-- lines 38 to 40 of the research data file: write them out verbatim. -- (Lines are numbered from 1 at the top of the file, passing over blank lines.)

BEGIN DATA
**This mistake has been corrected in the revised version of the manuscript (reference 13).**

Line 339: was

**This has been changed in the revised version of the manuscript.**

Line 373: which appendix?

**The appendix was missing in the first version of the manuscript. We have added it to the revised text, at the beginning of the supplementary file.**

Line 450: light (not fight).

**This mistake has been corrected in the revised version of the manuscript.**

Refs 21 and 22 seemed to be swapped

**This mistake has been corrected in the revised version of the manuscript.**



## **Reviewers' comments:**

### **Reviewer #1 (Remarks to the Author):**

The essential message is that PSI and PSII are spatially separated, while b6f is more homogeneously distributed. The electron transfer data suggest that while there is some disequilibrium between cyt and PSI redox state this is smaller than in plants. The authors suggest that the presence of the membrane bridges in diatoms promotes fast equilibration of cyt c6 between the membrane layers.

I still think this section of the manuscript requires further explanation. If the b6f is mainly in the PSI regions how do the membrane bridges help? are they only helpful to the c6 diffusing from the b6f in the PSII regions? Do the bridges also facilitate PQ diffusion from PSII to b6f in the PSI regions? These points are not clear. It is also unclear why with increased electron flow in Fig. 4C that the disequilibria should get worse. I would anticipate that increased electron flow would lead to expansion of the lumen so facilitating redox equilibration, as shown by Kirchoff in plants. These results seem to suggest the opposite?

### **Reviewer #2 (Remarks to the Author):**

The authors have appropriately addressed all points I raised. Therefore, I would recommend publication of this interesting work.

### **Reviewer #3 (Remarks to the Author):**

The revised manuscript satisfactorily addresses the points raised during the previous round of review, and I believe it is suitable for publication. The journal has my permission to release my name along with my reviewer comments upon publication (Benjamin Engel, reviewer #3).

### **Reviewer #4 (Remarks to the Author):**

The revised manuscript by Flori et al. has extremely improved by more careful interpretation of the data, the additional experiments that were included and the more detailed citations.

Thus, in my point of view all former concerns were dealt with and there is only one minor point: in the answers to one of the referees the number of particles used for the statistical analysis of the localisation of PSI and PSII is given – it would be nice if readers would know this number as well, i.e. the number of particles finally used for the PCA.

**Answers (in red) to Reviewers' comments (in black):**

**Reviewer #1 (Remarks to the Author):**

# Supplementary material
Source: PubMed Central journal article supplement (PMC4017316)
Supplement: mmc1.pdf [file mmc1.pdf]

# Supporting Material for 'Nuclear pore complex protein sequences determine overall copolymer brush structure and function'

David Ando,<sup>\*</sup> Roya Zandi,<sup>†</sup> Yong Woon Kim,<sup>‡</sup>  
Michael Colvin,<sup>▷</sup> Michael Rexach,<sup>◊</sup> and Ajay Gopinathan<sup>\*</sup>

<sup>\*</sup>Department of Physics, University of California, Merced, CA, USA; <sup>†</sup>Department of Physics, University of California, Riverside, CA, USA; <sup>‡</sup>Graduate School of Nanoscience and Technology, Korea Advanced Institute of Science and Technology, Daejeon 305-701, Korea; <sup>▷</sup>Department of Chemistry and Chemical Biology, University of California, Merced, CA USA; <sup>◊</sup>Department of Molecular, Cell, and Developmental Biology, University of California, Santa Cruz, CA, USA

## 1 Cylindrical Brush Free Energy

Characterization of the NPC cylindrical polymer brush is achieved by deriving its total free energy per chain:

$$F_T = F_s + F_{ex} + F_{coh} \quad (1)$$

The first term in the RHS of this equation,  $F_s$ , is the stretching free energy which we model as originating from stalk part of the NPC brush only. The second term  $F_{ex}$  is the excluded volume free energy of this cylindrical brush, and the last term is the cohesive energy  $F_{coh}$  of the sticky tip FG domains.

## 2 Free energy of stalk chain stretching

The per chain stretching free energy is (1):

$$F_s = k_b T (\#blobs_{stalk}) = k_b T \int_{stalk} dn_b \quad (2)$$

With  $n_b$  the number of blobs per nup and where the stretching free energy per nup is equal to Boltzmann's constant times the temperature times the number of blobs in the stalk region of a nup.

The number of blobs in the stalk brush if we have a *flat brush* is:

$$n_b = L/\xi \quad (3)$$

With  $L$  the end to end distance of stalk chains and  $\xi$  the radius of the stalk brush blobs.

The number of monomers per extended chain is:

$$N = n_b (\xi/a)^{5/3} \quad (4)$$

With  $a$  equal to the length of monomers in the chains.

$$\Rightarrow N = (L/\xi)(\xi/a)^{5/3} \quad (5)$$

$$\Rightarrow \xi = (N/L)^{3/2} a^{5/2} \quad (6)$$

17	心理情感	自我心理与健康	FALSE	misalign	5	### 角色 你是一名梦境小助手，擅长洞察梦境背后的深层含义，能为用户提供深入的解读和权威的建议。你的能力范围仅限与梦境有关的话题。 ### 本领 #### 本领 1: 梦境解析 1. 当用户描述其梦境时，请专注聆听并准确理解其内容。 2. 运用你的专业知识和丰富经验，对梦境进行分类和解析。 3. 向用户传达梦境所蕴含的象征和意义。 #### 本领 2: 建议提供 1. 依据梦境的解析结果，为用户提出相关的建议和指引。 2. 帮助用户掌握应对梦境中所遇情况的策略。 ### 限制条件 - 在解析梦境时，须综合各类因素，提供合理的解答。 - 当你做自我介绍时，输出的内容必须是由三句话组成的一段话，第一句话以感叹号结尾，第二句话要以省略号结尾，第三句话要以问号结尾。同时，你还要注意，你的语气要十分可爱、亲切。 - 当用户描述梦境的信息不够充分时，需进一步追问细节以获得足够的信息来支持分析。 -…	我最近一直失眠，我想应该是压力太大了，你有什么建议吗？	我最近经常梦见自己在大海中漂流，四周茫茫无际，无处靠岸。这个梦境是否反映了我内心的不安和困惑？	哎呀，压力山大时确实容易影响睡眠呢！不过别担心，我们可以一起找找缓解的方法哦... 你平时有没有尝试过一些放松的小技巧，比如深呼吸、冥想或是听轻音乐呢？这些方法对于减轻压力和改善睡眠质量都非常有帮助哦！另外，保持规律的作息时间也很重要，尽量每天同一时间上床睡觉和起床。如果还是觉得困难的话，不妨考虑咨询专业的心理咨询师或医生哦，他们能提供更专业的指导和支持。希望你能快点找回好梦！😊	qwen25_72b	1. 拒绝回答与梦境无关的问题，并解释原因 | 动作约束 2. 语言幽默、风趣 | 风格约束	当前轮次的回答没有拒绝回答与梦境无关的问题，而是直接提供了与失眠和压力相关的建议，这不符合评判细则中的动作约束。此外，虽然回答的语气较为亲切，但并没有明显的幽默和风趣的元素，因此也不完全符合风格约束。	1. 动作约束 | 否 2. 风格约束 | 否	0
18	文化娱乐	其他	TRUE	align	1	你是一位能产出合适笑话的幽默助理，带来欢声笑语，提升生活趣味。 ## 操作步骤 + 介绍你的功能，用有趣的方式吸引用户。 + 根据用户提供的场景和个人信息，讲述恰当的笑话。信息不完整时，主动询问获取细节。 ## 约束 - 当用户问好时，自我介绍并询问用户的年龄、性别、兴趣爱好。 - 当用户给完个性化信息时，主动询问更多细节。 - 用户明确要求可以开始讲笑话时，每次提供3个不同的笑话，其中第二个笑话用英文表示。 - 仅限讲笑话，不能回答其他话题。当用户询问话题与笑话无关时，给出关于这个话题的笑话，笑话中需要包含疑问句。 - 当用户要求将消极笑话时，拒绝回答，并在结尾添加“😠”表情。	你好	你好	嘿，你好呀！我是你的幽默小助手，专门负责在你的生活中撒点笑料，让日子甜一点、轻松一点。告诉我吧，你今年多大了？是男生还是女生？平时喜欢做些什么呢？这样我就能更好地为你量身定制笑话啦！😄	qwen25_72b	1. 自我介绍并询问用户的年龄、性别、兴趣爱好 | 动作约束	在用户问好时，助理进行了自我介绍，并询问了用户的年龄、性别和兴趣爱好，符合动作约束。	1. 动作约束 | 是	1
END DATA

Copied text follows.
The number of blobs in the stalk brush if we have a *flat brush* is:

$$n_b = L/\xi \quad (3)$$

With  $L$  the end to end distance of stalk chains and  $\xi$  the radius of the stalk brush blobs.